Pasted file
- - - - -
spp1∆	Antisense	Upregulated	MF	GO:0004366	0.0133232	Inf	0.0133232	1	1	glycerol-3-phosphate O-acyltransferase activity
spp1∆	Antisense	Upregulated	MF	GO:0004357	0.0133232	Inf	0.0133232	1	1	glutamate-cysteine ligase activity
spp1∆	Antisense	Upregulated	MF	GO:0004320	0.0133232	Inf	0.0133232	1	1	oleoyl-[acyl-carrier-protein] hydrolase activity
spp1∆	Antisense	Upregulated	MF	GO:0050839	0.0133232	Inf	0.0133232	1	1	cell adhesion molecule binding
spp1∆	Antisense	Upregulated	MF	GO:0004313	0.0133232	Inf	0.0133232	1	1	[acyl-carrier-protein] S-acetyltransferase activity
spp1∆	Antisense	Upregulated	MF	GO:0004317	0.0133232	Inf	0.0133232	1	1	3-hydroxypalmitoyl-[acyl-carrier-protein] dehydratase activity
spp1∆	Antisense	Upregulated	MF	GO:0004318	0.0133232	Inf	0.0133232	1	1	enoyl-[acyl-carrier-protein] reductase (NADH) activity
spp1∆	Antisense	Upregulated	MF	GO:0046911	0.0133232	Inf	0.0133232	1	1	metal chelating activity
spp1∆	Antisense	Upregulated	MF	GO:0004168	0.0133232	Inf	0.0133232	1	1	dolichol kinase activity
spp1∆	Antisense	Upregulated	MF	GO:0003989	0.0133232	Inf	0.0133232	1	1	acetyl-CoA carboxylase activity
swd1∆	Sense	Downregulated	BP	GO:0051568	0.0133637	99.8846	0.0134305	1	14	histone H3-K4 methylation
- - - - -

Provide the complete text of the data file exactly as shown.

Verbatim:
spp1∆	Antisense	Upregulated	MF	GO:0004366	0.0133232	Inf	0.0133232	1	1	glycerol-3-phosphate O-acyltransferase activity
spp1∆	Antisense	Upregulated	MF	GO:0004357	0.0133232	Inf	0.0133232	1	1	glutamate-cysteine ligase activity
spp1∆	Antisense	Upregulated	MF	GO:0004320	0.0133232	Inf	0.0133232	1	1	oleoyl-[acyl-carrier-protein] hydrolase activity
spp1∆	Antisense	Upregulated	MF	GO:0050839	0.0133232	Inf	0.0133232	1	1	cell adhesion molecule binding
spp1∆	Antisense	Upregulated	MF	GO:0004313	0.0133232	Inf	0.0133232	1	1	[acyl-carrier-protein] S-acetyltransferase activity
spp1∆	Antisense	Upregulated	MF	GO:0004317	0.0133232	Inf	0.0133232	1	1	3-hydroxypalmitoyl-[acyl-carrier-protein] dehydratase activity
spp1∆	Antisense	Upregulated	MF	GO:0004318	0.0133232	Inf	0.0133232	1	1	enoyl-[acyl-carrier-protein] reductase (NADH) activity
spp1∆	Antisense	Upregulated	MF	GO:0046911	0.0133232	Inf	0.0133232	1	1	metal chelating activity
spp1∆	Antisense	Upregulated	MF	GO:0004168	0.0133232	Inf	0.0133232	1	1	dolichol kinase activity
spp1∆	Antisense	Upregulated	MF	GO:0003989	0.0133232	Inf	0.0133232	1	1	acetyl-CoA carboxylase activity
swd1∆	Sense	Downregulated	BP	GO:0051568	0.0133637	99.8846	0.0134305	1	14	histone H3-K4 methylation